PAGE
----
Monday , September 24 2018

Power of true love in ‘Loving’ – Gibson roars back with bruising ‘Hacksaw Ridge’

In this Oct 22, 2016 photo, Ruth Negga (left), and Joel Edgerton pose during a portrait session to promote their film, ‘Loving’ in Los Angeles. (AP)
In this Oct 22, 2016 photo, Ruth Negga (left), and Joel Edgerton pose during a portrait session to promote their film, ‘Loving’ in Los Angeles. (AP)

Jeff Nichols’ “Loving”, about Richard and Mildred Loving, is about simple-minded people, simply being in love.

Both born and raised in the hills of Central Point, Virginia, the Lovings wed in 1958. But five weeks later, while Mildred was pregnant, they were roused from their bed at 2 am by a Caroline County sheriff, put in jail and later ordered out of the state for 25 years.

In Nichols’ tender, graceful film, a love story progresses naturally, beautifully, with sudden, surreal interruptions — like the middle-of-the-night arrest — that play like abductions. And that’s essentially what they were. Richard was white and Mildred was black, and that was enough to make their marriage a crime in 1958 Virginia.

The Lovings would, after years raising their family in Washington DC, spark the landmark 1967 Supreme Court ruling, Loving v. Virginia, that unanimously struck down all anti-miscegenation laws and declared marriage an inherent right.

But “Loving” has none of the familiar dramatics of a social justice narrative. It’s about civil rights revolutionaries who weren’t in the slightest revolutionary. The only time “civil rights” is uttered in the film is when a relative of Mildred’s advises, while watching Martin Luther King march in far-off Washington: “You need to get you some civil rights” — like she was suggesting a new carburetor.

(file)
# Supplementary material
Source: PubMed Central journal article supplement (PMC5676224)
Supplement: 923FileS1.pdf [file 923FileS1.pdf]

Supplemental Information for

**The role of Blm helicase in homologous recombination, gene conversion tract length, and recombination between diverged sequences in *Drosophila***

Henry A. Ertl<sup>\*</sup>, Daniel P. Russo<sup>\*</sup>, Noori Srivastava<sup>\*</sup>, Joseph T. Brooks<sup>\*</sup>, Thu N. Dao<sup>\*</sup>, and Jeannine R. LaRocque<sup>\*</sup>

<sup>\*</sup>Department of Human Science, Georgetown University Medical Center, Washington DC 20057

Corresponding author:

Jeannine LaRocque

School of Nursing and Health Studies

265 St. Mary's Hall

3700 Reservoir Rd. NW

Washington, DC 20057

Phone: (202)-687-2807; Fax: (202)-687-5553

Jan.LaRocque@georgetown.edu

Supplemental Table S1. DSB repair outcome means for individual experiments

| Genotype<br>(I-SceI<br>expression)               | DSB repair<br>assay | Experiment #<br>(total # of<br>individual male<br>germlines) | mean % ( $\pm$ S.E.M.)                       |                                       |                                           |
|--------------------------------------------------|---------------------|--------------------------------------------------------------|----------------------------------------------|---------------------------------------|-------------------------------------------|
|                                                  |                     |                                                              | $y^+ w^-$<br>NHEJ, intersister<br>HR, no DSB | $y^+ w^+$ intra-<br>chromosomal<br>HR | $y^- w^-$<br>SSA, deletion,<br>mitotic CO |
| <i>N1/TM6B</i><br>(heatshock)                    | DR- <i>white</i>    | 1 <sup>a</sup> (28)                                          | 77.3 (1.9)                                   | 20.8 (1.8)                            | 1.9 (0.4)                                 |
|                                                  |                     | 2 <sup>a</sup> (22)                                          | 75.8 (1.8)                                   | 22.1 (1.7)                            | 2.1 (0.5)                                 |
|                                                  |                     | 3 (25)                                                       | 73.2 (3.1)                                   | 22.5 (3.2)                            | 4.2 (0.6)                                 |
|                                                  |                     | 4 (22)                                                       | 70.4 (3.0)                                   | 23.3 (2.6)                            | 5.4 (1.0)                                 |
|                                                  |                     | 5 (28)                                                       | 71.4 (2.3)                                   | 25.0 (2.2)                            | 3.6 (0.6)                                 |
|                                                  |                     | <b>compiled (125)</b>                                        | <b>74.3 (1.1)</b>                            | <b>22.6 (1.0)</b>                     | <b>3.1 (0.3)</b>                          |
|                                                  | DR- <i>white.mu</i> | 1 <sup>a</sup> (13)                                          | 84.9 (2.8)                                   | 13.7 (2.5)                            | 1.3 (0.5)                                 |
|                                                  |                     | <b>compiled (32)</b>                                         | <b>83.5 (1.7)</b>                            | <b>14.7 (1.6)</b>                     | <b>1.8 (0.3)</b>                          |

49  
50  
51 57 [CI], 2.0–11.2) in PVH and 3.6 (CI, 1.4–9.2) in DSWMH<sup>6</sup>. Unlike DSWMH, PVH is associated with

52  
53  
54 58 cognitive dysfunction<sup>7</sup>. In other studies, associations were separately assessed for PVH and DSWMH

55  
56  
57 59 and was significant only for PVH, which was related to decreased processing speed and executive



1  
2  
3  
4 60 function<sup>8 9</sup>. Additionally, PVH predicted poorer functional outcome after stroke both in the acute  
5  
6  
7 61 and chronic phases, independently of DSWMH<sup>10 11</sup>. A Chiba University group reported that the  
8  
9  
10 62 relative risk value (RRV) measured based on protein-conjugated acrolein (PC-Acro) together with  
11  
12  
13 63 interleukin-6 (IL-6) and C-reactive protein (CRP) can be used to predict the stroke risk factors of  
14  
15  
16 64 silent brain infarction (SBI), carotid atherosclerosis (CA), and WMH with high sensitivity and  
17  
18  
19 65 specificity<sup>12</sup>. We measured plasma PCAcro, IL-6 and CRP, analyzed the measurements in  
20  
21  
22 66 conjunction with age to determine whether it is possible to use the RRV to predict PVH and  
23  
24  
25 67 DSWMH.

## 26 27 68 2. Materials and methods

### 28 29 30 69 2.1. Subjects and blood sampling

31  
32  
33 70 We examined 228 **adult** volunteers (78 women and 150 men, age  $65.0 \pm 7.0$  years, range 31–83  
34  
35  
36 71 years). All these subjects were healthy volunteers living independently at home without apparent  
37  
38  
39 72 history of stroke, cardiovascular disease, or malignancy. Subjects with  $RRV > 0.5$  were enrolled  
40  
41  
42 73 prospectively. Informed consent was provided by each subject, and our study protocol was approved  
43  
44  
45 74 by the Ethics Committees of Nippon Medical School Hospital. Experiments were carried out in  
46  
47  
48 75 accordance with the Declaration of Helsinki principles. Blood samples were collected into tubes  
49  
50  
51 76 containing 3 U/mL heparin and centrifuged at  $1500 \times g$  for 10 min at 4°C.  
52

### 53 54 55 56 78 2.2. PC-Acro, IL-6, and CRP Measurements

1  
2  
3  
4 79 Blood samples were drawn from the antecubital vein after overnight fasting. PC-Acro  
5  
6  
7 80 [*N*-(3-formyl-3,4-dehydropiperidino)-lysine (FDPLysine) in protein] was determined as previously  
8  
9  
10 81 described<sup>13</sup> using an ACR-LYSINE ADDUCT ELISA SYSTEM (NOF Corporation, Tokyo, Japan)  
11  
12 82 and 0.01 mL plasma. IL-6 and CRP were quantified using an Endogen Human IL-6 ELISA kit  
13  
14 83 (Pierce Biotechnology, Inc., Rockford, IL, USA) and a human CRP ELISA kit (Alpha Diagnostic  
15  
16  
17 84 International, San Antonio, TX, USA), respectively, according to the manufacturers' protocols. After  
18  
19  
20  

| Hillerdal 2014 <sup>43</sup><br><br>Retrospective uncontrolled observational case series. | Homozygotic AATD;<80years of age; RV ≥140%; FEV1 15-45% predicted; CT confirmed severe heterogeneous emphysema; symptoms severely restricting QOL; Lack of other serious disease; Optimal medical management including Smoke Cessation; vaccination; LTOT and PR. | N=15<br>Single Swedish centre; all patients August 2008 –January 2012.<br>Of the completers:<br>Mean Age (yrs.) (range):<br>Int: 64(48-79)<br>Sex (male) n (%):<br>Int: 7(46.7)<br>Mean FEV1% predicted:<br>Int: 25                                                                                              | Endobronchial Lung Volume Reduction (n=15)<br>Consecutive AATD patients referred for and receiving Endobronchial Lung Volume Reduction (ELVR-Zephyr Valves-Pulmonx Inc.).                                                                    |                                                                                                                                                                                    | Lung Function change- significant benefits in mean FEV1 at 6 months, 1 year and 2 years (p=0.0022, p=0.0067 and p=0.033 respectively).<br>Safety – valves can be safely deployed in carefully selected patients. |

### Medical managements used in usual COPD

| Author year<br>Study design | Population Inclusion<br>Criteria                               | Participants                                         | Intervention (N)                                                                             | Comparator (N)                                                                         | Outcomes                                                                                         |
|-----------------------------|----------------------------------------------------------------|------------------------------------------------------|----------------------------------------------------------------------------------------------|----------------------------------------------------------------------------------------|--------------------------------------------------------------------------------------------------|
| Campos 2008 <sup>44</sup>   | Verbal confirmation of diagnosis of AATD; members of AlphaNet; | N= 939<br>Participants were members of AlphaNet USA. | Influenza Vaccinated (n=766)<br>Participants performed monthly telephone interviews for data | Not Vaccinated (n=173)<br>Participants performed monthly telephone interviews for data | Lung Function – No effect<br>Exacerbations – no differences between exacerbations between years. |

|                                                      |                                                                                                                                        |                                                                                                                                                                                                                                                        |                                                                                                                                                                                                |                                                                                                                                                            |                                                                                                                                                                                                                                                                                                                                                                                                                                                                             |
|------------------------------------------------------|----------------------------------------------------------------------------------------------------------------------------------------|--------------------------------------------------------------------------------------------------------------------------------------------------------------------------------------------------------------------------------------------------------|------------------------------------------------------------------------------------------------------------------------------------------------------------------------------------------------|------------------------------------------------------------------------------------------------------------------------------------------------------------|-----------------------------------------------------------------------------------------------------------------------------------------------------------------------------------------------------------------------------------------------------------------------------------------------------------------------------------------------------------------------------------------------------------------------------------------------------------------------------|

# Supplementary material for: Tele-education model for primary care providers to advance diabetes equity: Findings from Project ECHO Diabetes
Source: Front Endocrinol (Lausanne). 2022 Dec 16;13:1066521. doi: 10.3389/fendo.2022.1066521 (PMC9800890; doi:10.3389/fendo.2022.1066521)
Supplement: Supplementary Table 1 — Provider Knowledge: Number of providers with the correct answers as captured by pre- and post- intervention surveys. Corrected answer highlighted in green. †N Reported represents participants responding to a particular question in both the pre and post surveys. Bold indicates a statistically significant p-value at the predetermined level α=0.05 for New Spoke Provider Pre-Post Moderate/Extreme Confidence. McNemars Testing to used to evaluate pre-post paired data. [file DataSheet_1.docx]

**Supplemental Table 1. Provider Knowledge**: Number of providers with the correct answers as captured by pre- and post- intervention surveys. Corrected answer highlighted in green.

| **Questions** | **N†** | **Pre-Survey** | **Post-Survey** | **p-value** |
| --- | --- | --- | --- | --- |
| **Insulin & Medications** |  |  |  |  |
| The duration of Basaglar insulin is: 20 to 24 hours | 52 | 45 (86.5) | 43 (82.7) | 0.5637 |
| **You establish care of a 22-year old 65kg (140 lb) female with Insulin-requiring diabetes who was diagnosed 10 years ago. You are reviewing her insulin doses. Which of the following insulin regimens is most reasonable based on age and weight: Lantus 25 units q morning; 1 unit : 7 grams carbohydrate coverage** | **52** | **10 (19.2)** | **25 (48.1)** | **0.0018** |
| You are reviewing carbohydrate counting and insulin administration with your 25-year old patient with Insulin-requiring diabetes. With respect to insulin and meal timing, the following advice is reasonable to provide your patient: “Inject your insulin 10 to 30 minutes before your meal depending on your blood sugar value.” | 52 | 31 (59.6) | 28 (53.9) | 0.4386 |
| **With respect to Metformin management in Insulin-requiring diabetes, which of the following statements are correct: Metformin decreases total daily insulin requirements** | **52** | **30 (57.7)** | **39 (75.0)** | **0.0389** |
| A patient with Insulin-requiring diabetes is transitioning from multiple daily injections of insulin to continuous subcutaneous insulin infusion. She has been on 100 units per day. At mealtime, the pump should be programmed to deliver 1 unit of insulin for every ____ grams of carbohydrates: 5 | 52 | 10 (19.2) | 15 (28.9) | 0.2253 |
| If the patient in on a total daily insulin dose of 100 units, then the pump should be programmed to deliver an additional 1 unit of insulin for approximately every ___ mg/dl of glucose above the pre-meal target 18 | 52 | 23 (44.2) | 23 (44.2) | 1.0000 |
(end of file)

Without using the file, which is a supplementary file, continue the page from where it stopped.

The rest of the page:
Richard (Joel Edgerton) is a taciturn bricklayer, with a buzz cut that would look conservative in the Army. Mildred (Ruth Negga), too, is meek, with big, soulful eyes that belie a quiet inner strength. They’re poor, little educated and overwhelmingly humble. Edgerton and Negga spend a significant part of the film with downcast eyes, too modest to insist on anything except to be left alone. Richard wants to build them a home in a field half a mile from where Mildred grew up. Mildred wants Richard’s mom to deliver her children.


They aren’t chatty people. When, in the film’s first scene, Mildred tells Richard she’s pregnant, his face is at first stoic, and we fear a harsh response. But then comes a smile, huge and warm, and the answer, “Good.”

The movie is spoken largely in their faces and their intimate, telling gestures: arms draped around one another, a head laid on the shoulder of another. The body language comes directly from the tremendous photos taken of the couple by Grey Villet for Life Magazine , as well as the 16mm black-and-white footage shot by Hope Ryden, a central component of Nancy Buirski’s 2012 documentary, “The Loving Story.”